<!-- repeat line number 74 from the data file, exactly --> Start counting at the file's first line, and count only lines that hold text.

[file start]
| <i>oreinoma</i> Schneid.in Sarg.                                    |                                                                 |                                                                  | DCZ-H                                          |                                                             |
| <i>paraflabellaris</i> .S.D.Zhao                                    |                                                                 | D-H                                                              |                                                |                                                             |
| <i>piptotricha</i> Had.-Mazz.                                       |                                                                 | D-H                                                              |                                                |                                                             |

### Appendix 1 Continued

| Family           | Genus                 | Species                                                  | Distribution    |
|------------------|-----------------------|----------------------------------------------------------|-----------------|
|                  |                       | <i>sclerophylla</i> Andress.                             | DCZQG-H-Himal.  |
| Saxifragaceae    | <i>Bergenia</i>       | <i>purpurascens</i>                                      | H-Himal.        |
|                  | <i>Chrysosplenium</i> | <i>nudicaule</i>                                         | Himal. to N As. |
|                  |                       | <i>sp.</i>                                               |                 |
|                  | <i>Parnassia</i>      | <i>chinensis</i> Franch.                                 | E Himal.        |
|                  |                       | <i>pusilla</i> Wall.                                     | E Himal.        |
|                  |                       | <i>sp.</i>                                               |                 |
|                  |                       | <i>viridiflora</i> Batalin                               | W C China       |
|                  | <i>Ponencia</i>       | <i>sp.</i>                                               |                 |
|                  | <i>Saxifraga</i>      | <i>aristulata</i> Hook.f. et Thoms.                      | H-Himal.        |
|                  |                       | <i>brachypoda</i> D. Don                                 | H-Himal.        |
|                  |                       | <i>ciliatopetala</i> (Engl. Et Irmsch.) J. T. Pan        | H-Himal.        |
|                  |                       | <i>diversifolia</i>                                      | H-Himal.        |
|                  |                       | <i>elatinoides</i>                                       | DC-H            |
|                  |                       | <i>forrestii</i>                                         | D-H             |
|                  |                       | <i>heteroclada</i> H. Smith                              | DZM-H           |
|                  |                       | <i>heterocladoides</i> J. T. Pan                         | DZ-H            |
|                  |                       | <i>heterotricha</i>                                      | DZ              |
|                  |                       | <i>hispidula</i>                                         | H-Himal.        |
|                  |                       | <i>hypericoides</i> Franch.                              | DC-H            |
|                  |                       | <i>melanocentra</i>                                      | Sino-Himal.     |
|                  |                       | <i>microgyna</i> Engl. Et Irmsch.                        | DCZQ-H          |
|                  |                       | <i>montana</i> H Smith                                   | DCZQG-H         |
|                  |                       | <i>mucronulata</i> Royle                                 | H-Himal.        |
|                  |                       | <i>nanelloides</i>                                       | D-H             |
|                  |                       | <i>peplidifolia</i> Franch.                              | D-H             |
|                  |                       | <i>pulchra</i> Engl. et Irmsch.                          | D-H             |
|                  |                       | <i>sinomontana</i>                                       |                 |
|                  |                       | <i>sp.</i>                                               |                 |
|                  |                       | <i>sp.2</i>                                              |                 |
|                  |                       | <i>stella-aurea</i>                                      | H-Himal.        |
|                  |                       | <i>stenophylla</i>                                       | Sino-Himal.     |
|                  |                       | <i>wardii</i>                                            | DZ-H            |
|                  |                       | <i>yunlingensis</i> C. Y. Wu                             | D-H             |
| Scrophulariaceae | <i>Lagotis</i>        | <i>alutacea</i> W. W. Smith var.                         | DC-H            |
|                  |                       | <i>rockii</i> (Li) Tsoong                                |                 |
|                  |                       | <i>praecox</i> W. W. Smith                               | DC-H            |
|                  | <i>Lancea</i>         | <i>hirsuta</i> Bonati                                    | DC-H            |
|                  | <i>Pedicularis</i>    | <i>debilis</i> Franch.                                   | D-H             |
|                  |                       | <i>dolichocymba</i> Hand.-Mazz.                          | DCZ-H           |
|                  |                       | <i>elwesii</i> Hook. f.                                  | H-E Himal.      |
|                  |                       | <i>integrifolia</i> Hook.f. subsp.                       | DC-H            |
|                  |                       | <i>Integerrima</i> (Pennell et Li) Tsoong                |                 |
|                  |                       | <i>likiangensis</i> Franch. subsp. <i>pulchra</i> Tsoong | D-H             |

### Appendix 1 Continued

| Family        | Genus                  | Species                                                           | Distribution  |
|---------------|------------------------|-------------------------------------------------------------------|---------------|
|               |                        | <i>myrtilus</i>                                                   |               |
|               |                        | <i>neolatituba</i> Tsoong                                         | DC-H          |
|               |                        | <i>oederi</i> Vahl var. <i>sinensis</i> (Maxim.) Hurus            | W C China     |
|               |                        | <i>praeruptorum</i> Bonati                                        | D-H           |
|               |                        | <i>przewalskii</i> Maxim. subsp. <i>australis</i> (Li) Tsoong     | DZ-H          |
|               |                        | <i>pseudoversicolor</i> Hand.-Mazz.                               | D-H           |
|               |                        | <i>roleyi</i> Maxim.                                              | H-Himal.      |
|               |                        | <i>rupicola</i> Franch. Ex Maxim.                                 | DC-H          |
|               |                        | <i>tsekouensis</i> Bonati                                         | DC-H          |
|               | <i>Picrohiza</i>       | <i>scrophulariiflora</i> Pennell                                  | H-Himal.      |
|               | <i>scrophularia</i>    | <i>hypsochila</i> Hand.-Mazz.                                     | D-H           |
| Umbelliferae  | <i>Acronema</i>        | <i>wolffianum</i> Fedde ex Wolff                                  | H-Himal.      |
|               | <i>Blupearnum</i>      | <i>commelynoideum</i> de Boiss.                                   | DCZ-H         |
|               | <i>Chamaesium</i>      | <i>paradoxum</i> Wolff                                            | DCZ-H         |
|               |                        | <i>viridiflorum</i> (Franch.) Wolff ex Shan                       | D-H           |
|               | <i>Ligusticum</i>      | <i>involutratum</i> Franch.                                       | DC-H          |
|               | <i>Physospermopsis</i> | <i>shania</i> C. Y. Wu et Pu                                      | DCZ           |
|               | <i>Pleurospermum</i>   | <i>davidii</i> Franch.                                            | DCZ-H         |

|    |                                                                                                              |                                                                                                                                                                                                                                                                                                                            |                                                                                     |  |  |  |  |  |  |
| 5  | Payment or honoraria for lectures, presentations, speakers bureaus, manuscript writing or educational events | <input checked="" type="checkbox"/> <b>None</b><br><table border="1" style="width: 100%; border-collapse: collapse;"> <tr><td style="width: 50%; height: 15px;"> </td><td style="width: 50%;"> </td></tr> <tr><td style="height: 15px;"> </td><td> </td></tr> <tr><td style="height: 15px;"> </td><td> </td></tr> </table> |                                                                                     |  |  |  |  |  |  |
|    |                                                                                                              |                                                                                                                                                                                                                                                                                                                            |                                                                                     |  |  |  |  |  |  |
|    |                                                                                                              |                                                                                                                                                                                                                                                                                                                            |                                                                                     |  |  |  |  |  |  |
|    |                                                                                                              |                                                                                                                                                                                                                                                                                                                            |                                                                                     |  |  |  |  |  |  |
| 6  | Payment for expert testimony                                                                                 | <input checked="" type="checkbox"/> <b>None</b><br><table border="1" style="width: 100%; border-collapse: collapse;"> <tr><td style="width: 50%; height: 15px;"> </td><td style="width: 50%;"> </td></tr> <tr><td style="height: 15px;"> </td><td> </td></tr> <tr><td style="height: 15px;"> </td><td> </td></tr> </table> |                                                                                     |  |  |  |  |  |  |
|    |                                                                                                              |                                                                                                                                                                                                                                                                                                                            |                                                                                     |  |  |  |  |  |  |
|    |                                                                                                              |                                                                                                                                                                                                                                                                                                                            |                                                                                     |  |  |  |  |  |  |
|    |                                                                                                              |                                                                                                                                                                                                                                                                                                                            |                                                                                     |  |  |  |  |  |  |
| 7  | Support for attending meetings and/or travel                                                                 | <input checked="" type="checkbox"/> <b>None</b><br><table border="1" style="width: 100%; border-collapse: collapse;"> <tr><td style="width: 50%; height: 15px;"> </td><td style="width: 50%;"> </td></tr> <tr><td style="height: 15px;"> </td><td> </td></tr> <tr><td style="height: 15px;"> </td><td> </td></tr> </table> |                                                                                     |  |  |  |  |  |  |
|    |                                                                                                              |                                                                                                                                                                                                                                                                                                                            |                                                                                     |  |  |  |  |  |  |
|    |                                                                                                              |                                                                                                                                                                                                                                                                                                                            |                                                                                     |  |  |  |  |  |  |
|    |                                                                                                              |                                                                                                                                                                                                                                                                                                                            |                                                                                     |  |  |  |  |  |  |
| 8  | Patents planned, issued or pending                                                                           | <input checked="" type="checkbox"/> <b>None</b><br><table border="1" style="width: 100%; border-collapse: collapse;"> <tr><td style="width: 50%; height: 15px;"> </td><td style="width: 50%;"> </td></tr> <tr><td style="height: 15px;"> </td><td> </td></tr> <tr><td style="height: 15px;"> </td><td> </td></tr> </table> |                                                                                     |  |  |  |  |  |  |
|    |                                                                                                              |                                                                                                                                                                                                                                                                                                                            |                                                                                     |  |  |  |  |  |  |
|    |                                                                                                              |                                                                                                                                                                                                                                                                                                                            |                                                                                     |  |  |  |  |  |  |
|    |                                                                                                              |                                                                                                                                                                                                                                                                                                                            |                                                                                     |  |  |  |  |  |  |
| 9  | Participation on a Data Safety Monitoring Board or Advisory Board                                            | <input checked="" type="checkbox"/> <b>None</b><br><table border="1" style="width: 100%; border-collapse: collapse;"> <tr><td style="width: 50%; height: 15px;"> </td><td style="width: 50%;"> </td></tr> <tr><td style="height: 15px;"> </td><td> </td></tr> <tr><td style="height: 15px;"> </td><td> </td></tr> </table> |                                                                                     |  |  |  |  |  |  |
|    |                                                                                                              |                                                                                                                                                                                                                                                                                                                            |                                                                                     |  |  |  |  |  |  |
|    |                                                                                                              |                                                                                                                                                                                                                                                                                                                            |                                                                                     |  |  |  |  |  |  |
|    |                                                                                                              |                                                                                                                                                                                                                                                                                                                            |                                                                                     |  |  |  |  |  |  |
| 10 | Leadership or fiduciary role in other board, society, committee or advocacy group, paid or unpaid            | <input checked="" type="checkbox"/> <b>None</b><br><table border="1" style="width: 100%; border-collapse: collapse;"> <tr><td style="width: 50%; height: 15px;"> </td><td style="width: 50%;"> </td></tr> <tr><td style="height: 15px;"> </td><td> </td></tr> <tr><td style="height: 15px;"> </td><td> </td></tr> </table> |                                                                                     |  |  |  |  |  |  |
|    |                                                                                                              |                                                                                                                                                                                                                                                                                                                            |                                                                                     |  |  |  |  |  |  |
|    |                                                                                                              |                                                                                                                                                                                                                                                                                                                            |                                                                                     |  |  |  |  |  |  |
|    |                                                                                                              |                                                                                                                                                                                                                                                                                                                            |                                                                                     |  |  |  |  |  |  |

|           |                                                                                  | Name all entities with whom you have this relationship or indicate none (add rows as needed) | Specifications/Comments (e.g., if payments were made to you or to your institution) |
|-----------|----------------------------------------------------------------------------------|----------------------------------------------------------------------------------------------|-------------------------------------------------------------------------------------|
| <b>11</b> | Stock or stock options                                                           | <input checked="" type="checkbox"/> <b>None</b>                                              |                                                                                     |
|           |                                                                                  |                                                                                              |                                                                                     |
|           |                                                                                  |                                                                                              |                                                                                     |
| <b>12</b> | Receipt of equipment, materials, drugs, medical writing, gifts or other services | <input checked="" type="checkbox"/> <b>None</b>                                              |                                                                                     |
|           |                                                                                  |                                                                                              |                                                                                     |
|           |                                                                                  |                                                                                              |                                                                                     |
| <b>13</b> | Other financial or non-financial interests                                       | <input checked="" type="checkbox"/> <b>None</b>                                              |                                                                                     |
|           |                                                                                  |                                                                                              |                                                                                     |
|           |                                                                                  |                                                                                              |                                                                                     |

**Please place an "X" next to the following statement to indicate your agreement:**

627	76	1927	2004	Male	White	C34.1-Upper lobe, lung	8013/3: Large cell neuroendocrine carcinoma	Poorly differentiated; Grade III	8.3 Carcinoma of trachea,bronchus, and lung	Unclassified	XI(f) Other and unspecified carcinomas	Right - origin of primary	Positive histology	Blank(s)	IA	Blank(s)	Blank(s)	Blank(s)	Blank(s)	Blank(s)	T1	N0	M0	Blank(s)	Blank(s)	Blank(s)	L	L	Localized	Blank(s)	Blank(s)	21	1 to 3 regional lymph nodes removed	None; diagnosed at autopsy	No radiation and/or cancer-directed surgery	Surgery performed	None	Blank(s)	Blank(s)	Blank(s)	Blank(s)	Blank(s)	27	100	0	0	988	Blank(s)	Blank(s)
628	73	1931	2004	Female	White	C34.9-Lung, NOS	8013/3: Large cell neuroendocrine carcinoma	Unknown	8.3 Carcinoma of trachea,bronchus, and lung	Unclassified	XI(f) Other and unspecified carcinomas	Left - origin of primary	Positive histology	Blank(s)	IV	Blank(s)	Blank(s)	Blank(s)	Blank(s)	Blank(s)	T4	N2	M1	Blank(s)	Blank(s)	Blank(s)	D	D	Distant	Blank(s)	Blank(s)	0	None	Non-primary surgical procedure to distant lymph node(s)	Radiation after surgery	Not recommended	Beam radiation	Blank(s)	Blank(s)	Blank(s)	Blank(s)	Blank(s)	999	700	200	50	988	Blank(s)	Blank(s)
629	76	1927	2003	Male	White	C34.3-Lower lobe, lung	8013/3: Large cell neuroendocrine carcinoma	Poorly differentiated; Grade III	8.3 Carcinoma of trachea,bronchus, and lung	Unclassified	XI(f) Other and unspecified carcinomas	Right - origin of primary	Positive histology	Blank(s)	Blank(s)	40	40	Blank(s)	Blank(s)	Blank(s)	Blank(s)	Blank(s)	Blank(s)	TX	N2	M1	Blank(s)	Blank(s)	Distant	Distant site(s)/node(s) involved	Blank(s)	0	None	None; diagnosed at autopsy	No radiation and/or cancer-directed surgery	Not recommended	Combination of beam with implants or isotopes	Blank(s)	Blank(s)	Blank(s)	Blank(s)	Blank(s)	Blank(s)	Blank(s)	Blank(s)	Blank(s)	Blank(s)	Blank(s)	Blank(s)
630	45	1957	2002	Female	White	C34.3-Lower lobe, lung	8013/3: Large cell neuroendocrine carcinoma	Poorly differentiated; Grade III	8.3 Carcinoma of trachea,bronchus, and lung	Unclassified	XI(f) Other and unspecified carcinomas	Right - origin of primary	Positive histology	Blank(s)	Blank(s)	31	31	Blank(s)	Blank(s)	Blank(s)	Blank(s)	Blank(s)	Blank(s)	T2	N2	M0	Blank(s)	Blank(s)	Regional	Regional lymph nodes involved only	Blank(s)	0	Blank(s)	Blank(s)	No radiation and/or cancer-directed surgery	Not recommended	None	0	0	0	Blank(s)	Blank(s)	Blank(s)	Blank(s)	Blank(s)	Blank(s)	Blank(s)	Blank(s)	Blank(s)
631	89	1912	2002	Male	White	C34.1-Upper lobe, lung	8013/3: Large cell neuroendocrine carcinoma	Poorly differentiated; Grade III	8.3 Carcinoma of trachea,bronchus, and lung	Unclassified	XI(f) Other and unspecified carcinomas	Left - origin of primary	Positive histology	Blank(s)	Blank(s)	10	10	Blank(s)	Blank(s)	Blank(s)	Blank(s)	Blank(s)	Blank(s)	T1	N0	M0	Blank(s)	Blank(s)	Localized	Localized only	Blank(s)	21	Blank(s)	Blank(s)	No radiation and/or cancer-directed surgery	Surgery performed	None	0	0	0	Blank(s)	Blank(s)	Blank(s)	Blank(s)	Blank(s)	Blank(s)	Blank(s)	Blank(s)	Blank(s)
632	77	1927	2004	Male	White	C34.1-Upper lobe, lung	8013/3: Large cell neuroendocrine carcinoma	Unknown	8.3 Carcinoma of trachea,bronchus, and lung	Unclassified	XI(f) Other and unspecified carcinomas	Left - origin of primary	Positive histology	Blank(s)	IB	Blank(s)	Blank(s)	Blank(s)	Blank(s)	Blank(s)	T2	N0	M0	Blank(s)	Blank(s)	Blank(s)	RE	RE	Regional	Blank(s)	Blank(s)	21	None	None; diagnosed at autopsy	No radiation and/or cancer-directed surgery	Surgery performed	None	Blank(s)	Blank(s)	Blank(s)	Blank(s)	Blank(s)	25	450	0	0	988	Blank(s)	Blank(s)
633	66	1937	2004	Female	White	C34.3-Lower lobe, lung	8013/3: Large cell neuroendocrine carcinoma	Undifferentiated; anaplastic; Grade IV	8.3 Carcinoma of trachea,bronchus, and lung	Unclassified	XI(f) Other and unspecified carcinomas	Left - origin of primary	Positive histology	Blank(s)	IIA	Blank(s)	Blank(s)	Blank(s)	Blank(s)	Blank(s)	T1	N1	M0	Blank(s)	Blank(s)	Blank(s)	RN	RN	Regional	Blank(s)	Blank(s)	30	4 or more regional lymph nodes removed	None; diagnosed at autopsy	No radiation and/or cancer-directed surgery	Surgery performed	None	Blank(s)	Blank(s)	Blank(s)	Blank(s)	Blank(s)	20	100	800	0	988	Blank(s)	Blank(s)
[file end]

|    |                                                                                                              |                                                                                                                                                                                                                                                                                                                            |                                                                                     |  |  |  |  |  |  |